(December 1, 2010)
After Republican takeover of the house, the 4- year old House Global Warming Committee was cut from the 112th Congress. A republican spokesperson states that the committee was cut in order to reduce waste and duplication in Congress. Some Democrats vow to continue the fight to curb greenhouse gas emissions from the minority over the next 2 years.
(November 28, 2010)
Delegates from over 200 countries began arriving at Cancun for this year’s U.N. climate conference. The primary goal of the conference is to get major economies to extend climate action beyond the Kyoto Protocol, which expires in December 2012. Copenhagen elicited some carbon reduction commitments from the U.S. and China but progress toward those commitments remains ambiguous. A key element of a strong global deal to cut emissions would be an international fund to help developing countries combat climate change and transition to a clean energy economy. International NGOs are pushing for strong climate finance packages to complement carbon reduction commitments.
(November 17, 2010)
A pilot program for greenhouse gas trading in the US- the Chicago Climate Exchange- will close down its cap-and-trade market by the end of the year, due to lack of legislative interest. Mitigation of emissions in farming and forestry through a crediting process will continue until 2012. The Chicago Climate Exchange is part of a larger international company called Climate Exchange, which will continue to operate markets in Europe that are still going strong.
(November 15, 2010)
Despite a plethora of scientific findings, economic models, and plans to fix climate change, there has been a lack of academic explanation into the mounting cultural doubt surrounding atmospheric warming. The social sciences are missing from this particular discussion, which leads to a lack in critical questions about the cultural dimensions of the problem- both defining it and finding solutions.
(November 12, 2010)
The EPA issued guidance documents for the first phase of it’s ‘big polluters rule’ aimed at curbing carbon pollution from large sources, like coal plants. This new rule is geared specifically toward new or expanding plants, requiring these new investments to use “Best Available Control Technology,” or BACT. The BACT determination is set differently for each type of facility based on a number of factors, including cost. The new rule will encourage plant-wide energy efficiency measures, cleaner fuels, and help make clean energy more competitive with fossil fuels.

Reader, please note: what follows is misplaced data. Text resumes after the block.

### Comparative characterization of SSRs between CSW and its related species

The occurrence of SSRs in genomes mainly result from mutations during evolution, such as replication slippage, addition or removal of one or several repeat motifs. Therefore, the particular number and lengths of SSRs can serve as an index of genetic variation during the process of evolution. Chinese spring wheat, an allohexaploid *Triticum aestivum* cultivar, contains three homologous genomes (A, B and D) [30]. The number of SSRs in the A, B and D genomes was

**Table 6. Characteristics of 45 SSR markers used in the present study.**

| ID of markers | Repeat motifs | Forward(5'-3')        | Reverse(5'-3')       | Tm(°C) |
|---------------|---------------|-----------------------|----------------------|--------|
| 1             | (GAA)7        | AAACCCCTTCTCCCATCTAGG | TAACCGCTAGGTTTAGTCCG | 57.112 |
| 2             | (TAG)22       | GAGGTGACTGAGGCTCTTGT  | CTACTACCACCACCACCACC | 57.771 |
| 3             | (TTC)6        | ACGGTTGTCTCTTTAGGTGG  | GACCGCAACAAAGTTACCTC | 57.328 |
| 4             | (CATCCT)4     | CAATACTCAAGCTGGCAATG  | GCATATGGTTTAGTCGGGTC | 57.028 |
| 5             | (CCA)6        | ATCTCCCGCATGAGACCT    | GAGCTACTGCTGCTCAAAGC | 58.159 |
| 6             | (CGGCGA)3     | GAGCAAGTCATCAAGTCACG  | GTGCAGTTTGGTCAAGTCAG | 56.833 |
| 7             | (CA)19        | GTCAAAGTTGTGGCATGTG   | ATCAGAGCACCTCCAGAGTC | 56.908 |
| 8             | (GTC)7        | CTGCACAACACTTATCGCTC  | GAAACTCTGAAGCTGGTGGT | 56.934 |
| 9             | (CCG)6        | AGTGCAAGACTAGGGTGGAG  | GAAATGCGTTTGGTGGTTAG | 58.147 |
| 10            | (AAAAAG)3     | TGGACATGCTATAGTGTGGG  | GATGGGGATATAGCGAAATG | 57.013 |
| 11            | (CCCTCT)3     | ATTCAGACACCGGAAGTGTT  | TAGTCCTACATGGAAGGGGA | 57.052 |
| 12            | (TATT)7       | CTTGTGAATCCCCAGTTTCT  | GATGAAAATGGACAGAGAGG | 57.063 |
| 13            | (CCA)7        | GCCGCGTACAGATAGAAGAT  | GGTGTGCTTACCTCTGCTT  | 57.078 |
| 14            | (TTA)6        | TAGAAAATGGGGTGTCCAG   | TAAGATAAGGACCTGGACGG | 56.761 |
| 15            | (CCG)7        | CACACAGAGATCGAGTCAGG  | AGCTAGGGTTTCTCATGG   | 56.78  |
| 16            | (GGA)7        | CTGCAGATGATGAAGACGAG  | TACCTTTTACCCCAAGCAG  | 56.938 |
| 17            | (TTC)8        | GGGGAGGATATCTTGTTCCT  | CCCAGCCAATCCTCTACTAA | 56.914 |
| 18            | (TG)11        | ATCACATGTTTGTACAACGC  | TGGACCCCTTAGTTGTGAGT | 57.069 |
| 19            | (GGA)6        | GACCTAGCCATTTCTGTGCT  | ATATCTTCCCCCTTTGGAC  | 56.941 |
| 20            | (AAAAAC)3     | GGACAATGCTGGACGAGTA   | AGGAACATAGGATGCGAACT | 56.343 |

(November 11, 2010)
Wall Street Journal
Clean Air Act regulations for greenhouse gasses have become a major political issue of late, but initial implementation of these performance standards will only affect sources of pollution that are new or modified.
(November 5, 2010)
Wall Street Journal (Subscription Required)
At Copenhagen last year, the U.S. committed to reducing carbon emissions 17% by 2020, and contributing our share of $100 billion annually by 2020 which would help developing countries adapt to climate change, and build a global clean energy economy. Recent studies from the UN maintain that the annual $100 billion goal is possible using revenue from comprehensive legislation discussed in developing countries. The Cancun conference will last from November 28 through December 10.
(November 11, 2010)
Construction has begun on the 26.8 megawatt Lakeview Biomass Cogeneration Plant in Lakeview, Oregon. The plant is expected to bring jobs and improved forest health to Southern Oregon. The plant is expected to finish construction and begin producing power by fall, 2012.
A U.N. study suggests that existing carbon reduction commitments made in Copenhagen last year only provide 60% of what’s needed to avoid 2 degrees Celsius of warming, the “dangerous climate change” threshold that countries agree should not be crossed. Many scientists argue 1.5 degrees Celsius is a more appropriate threshold.
(November 30, 2010)
The Oregon Climate Change Research Institute released a long- awaited 400-page report on the impacts of climate change on the state of Oregon. It states that global warming will affect Oregon substantially. It drew on contributions from 70 university and government researchers throughout the Northwest.
Future regional climate changes (taken from Legislative Summary) include:
- Increases in temperature around .2 to 1 degree F per decade
- Warmer and drier summers
- Evidence that extreme precipitation will increase in the future
- Sea level rise
Key Findings of the report, taken from the Legislative Summary:
- Summer water supply will decrease as a result of reduced snowpack and summer precipitation
- Availability, quality and cost of water will likely be the most limiting factor for agricultural production systems under a warmer climate
- Wildfire is projected to increase in all Oregon forest types in the coming decades
- Frequency and magnitude of coastal flooding events may continue to increase
- Many plant and animal species on land, in freshwater, and in the sea have and will shift their distributions and become less or more abundant
- Changes to the marine environment including increasing water temperatures
- Oregon’s economy, like many other states, is likely to be affected by a changing climate and by policies addressing projected changes
- The important drivers of greenhouse gas emissions are population, consumption, and the emission intensity of the economy
- We are already experiencing the impacts of climate change in Oregon